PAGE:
Intel Is Not Exactly A Screaming Bargain

| About: Intel Corporation (INTC)

It dominates the industry for microprocessors. It has a rock solid balance sheet, hasn't lost money in any year on memory, and has been shoveling money at shareholders for a decade. The stock trades at 10.5 times trailing earnings after adjusting for net cash. So isn't Intel (NASDAQ:INTC) a bargain, even relative to a bunch of other big, reasonably priced technology companies like Microsoft (NASDAQ:MSFT), Cisco (NASDAQ:CSCO), HP (NYSE:HPQ) and Dell (NASDAQ:DELL)?

We certainly thought so when we looked at the stock in early 2006. Shares traded hands around $21 at the time. Adjusted for net cash, the stock was at less than a 13x multiple to 2005 earnings. The market at the time was pricier than it is now -- the S&P's level has risen only 6.9% in the five years since -- so the giant looked like a relative and absolute bargain. It appeared the cheapest it had ever been. We bought the stock.

But 2005 ended up being the high water mark for Intel for a while. EPS dropped nearly 40% in 2006 as pricing pressures hurt profits. Shares closed 2006 19% below the 2005 close, trailing the market by 30% in 2006. Most of this drop happened after disappointing 1Q guidance, but the holding still cost us in 2006 in what was otherwise a solid year.

It turned out that while Intel is the industry leader and thus enjoys supernormal returns on invested capital, results are still cyclical to some degree. While 2005 earnings were $1.40, they were a cyclical high and shouldn't have been relied upon as normal. Here's Intel's earnings history over the past 10 years:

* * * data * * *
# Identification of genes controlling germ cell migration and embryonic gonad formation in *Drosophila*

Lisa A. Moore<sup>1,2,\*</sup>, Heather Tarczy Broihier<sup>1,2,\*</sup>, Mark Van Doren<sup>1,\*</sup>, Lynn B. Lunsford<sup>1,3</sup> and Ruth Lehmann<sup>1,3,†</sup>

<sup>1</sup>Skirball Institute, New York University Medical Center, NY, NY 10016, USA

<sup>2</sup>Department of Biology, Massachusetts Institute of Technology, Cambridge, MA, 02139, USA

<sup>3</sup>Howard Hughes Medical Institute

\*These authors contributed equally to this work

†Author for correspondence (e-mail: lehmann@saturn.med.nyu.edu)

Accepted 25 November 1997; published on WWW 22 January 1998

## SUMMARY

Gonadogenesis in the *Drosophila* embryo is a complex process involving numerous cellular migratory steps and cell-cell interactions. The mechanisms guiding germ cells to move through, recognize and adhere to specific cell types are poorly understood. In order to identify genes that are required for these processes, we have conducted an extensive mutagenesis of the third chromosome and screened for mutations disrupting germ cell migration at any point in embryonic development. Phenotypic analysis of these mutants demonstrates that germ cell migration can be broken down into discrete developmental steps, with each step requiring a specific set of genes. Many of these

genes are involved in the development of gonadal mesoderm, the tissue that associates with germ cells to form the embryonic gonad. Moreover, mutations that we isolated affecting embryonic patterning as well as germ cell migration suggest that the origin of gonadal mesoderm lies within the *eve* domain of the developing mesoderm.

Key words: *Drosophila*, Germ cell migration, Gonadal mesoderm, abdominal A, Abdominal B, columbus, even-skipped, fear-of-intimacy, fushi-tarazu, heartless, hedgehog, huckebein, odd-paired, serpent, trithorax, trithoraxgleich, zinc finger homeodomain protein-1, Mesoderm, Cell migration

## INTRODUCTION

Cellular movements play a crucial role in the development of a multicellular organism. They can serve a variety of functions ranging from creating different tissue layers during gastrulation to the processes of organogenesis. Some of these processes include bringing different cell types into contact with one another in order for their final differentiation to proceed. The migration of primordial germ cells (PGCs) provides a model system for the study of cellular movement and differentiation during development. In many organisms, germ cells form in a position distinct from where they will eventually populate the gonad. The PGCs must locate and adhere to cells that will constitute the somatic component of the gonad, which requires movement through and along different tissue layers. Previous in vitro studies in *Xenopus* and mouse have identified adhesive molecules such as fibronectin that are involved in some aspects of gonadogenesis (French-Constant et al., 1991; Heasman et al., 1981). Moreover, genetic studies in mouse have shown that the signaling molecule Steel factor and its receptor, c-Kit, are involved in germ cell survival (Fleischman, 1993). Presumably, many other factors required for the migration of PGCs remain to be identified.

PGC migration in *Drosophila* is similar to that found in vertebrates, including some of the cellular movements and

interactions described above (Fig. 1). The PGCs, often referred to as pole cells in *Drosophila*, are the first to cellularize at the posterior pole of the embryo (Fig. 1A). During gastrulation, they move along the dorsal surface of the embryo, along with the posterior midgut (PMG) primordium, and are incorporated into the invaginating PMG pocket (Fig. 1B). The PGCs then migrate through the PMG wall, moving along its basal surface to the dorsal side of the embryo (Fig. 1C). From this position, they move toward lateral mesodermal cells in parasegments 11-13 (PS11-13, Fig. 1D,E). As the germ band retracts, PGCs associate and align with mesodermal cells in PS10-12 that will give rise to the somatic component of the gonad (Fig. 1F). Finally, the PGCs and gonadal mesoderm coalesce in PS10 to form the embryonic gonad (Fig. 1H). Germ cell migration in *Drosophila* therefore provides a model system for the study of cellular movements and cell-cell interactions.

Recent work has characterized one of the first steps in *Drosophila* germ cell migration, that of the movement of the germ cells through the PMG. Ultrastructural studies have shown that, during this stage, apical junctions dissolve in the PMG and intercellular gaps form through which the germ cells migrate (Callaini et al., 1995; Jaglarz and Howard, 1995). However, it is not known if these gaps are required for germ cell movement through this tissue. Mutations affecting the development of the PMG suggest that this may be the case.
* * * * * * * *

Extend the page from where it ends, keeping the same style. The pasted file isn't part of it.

2011 2010 2009 2008 2007 2006 2005 2004 2003 2002
EPS 2.39 2.05 0.78 0.92 1.18 0.86 1.40 1.16 0.85 0.46

That's some pretty significant variance. It was a volatile decade, with Intel suffering from weak end demand after the tech bubble burst and following the 2001-'02 recession, and during the '07-'08 financial crisis.

So we figured any one year isn't representative. We're not going to pretend that we came up with this on our own: Ben Graham insisted on looking at earnings over a period of time to avoid overpaying based on peak cycle earnings. Below are Intel's earnings by year, but based on the prior 5 year average:

2011 2010 2009 2008 2007 2006 2005 2004 2003 2002
Avg EPS 1.46 1.16 1.03 1.10 1.09 0.95 0.81 0.83 0.81 0.82

That looks really steady. In fact, Intel's worst decline during the period was a 6.4% fall in 2009, after two lean years during the U.S. recession. This method, of course, smooths results. But we think it gives a good approximation of earning power.

So that 13x multiple (adjusted for net cash) we thought we were paying in early 2006? Based on average earnings, we were actually paying a whopping 23x! Hardly a bargain -- even for Intel.

In fact, nowadays shares trade for 17x the 5 year average, after adjusting for Intel's net cash. One might make the argument that Intel deserves 20x, but shares certainly don't look like a screaming bargain. Will earnings remain at the current plateau? Has something changed -- besides Intel's purchase of less cyclical McAfee -- or has Intel's business grown significantly? Our crystal ball is presently hazy (in fact, it's always hazy) so it's anyone's guess.

Analysts historically have had little idea on January 1 what Intel will earn through Dec 31. At present they are guessing Intel's earnings will be about the same as 2011. Given the history, that's unlikely. Investors would probably be well served by being cautious.

Disclosure: I am long INTC.

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